Impunity Inc.: Cases on the "super-rights" and "super-powers" of corporate capital
PUBLISHED BY THE OBSERVATORY ON DEBT AND GLOBALISATION (ODG) & THE TRANSNATIONAL INSTITUTE,JUNE 2013, AS PART OF THE GLOBAL CAMPAIGN TO DISMANTLE CORPORATE POWER AND STOP IMPUNITY
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This report was produced as part of the Global Campaign to Dismantle Corporate Power and Stop Impunity. Through three case studies, it aims to provide inputs for reflection on the “super-rights” and “super-powers” of transnational corporations.
Chapter 1 describes the abuses and violations of fundamental labour rights taking place on a daily basis in the garment factories in Morocco which make clothes for export to Europe, affecting young women in particular. It also looks at the extent to which successive policies, from the French colonial administration to the present day, including those imposed by the World Bank and the International Monetary Fund, have dismantled the country’s traditional agricultural base. For millions of people in the rural areas of Morocco, this process has meant the loss of their livelihoods, obliging them to accept long hours of work and low wages - that in most cases do not cover workers’ basic needs - in export-oriented garment factories working for companies like Spain’s Inditex. This is occurring despite the discourse on corporate social responsibility – now discredited and obsolete – and with the backing of the Association Agreement (AA) between the EU and Morocco, where there is no sanction mechanism to address the violations of fundamental rights. Through this Agreement, Lex Mercatoria and the protection of corporate interests continue to take priority over the rights of human beings.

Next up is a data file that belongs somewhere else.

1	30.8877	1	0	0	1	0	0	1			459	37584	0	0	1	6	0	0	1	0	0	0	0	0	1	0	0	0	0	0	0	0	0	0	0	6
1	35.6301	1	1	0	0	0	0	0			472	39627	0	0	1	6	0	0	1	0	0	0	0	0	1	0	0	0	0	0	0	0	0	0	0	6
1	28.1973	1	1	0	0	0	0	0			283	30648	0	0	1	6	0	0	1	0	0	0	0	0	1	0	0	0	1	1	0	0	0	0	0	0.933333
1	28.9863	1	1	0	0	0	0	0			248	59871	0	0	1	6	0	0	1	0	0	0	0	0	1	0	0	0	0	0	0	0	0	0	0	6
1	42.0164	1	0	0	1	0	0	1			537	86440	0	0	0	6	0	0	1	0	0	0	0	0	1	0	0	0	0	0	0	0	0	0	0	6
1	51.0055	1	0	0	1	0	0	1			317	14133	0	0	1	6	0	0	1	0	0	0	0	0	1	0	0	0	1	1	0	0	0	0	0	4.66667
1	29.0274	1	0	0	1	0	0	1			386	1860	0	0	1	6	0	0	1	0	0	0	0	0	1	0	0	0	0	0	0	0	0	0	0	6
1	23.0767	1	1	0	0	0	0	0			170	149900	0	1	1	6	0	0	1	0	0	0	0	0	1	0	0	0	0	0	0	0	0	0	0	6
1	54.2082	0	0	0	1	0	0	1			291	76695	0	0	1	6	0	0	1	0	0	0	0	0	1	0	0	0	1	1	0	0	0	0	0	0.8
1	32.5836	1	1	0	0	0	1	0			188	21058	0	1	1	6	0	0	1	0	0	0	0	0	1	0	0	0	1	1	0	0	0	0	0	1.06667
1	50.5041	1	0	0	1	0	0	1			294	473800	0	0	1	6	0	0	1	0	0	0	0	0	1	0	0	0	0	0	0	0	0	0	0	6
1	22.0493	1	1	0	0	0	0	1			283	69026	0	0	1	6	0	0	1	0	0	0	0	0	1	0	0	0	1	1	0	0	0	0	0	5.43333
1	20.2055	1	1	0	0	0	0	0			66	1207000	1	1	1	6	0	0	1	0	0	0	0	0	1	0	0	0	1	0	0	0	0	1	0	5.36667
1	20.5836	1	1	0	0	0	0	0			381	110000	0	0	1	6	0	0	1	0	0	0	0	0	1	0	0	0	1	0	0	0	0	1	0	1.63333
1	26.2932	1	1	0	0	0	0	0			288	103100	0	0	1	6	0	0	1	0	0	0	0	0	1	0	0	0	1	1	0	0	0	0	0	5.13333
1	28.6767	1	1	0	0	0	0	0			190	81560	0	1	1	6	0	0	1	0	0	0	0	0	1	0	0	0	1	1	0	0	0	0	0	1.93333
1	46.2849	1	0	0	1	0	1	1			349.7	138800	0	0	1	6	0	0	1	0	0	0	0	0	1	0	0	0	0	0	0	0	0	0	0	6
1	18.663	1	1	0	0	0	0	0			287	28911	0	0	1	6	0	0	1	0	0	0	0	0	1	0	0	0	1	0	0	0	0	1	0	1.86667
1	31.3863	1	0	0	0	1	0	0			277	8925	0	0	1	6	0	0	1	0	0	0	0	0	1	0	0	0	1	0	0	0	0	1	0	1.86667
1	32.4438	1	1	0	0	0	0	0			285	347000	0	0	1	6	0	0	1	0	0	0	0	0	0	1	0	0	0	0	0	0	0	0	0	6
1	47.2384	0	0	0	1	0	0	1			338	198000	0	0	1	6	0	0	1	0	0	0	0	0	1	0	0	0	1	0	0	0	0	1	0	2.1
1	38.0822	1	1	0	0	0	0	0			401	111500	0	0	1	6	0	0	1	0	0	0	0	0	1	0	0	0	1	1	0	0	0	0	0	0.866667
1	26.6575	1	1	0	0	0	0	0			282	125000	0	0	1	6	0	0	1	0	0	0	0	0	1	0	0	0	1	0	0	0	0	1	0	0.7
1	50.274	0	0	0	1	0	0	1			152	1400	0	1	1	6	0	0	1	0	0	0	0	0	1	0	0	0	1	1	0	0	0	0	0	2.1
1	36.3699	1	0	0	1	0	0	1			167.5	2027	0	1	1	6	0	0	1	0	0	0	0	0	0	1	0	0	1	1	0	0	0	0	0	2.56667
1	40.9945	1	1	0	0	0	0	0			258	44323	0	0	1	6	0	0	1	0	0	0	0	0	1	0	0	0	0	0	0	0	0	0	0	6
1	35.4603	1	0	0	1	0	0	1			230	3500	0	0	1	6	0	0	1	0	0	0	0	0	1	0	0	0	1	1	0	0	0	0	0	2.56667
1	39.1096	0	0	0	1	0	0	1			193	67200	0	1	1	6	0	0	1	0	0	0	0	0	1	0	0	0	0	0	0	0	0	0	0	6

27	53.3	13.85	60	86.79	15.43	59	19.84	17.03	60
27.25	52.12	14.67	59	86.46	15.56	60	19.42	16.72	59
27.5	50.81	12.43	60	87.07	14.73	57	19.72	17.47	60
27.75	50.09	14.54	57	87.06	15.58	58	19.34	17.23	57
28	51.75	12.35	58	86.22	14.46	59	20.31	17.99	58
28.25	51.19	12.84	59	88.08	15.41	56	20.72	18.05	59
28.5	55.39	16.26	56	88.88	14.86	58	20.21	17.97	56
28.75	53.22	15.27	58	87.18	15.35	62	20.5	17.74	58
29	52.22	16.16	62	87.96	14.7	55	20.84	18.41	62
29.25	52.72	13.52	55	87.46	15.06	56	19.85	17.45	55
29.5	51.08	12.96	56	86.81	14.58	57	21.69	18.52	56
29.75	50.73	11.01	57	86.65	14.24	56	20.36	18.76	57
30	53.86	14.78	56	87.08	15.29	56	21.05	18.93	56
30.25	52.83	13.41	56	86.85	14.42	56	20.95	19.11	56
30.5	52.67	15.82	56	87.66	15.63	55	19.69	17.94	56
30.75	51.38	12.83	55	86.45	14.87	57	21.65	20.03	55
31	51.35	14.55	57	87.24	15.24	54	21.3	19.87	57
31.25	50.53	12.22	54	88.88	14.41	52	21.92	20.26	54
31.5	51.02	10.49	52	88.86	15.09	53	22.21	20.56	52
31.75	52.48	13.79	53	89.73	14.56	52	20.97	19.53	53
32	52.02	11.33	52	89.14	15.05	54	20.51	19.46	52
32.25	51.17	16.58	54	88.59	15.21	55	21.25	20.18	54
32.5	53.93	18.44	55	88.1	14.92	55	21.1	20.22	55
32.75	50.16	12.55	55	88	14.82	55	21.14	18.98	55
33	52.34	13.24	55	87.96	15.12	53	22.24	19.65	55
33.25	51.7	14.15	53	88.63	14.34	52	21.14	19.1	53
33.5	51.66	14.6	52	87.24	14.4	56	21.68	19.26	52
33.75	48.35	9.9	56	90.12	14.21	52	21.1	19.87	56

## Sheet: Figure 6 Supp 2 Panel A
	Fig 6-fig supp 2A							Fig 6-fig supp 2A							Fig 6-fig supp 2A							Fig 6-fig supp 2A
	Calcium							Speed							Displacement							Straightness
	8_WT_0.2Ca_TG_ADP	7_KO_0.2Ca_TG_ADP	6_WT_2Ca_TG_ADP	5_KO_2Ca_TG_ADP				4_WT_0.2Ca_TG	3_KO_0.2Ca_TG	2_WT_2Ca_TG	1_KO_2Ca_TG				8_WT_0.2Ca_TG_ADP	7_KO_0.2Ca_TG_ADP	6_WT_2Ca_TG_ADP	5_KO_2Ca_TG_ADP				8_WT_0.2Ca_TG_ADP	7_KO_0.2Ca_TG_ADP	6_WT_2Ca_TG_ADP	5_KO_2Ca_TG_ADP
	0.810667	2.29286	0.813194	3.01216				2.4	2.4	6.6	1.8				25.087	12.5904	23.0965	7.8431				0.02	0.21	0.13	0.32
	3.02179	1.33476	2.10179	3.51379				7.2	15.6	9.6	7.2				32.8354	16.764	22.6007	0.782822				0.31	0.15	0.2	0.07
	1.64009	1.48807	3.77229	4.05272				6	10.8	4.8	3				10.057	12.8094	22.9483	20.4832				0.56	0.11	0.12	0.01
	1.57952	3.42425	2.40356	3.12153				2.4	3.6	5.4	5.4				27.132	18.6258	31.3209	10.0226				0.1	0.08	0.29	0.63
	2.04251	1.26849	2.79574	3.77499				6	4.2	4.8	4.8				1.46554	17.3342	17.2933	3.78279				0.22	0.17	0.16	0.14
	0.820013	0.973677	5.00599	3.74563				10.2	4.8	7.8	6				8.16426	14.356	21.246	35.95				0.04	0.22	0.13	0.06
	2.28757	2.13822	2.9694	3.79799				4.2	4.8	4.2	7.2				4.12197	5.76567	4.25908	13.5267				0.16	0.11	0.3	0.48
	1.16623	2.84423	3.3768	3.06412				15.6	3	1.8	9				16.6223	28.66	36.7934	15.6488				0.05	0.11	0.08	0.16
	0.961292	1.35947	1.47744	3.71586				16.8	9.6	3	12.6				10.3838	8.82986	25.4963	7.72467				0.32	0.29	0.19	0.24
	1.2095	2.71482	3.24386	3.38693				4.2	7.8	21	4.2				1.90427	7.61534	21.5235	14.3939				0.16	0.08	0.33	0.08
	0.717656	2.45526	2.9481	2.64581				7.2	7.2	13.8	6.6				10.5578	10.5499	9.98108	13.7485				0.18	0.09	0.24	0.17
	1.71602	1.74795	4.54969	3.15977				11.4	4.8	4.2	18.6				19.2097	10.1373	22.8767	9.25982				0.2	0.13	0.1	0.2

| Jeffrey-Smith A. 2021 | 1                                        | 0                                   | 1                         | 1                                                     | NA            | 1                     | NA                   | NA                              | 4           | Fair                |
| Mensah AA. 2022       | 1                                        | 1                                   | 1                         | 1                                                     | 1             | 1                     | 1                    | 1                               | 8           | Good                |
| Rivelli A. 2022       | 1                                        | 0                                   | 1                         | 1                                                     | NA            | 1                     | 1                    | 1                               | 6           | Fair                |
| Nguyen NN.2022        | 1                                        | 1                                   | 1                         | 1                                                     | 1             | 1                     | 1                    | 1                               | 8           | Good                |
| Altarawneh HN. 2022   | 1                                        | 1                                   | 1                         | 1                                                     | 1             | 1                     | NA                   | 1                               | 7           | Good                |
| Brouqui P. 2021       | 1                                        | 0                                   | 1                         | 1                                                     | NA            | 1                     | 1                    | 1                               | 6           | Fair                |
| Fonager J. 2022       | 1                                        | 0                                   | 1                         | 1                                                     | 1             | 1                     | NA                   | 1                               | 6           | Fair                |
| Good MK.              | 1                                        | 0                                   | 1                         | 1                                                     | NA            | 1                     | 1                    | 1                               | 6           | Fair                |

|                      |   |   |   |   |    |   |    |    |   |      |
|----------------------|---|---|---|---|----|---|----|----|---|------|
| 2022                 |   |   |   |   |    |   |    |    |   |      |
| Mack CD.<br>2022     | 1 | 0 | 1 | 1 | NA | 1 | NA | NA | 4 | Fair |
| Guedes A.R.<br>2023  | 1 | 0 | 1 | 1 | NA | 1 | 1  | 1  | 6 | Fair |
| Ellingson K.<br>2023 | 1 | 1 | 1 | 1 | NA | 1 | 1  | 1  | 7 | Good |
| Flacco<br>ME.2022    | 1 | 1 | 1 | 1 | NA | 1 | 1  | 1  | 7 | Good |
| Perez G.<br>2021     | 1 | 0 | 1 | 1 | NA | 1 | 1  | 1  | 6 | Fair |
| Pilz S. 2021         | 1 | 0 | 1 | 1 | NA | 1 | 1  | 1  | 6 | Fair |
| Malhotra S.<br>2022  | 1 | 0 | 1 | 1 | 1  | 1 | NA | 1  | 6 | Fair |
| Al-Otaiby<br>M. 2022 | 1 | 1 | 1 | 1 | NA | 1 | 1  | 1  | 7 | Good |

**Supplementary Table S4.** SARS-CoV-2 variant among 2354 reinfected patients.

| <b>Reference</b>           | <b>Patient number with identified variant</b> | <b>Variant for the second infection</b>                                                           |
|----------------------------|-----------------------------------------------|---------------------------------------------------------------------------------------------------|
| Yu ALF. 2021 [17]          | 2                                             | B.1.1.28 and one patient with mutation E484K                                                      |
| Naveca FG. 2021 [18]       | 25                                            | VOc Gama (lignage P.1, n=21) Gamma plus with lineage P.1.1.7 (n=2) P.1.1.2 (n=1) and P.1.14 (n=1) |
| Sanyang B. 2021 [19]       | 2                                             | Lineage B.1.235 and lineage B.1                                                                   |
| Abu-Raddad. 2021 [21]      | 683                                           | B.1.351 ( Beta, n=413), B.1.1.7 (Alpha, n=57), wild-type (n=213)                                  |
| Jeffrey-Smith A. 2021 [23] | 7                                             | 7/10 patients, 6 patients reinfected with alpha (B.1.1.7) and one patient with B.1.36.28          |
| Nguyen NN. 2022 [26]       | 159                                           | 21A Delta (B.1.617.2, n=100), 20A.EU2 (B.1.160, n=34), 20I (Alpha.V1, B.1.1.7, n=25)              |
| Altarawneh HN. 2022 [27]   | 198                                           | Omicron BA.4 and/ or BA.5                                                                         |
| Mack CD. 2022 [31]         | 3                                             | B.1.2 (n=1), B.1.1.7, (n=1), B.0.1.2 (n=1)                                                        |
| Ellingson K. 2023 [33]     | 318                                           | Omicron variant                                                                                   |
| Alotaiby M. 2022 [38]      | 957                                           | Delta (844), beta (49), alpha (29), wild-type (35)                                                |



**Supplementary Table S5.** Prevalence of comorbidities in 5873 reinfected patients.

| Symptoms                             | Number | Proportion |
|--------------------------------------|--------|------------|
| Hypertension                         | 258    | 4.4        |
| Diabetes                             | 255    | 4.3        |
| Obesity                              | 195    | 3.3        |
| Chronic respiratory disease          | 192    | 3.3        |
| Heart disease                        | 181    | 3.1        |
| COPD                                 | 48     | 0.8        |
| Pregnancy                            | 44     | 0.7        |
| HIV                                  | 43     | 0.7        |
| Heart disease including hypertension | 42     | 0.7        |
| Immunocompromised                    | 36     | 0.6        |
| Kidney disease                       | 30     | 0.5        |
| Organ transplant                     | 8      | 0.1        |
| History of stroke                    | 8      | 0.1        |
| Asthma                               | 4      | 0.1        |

Evidence of a similar situation is found in the case of Central America, where the profound asymmetry that characterises the signing of the AA between this region and the EU is highlighted. The guaranteed impunity examined here is that of the Spanish company Pescanova in Nicaragua. The case study focuses on its negative impacts in terms of insecure working conditions, the displacement of local fisherfolk and pollution of the environment in the region. The company’s dominant position in the shrimp farming sector is emphasised, describing how it has managed to secure most of the area awarded under concession for shrimp production in the country. Its operations not only restrict the traditional fishing communities’ access to fishing grounds, but also the local Nicaraguan population’s access to food in the affected area. The fact that this agreement was signed recently (June 2012) demonstrates that the European Union has not changed its voracious trade policy over the years. Although human rights, workers’ rights and sustainability are mentioned in the agreement, any attempt to demand that they be respected reveals that they are merely empty statements of principle that carry no weight compared to the chapter on trade and investment. The AA therefore provides a guarantee that this dramatic situation of impunity will continue.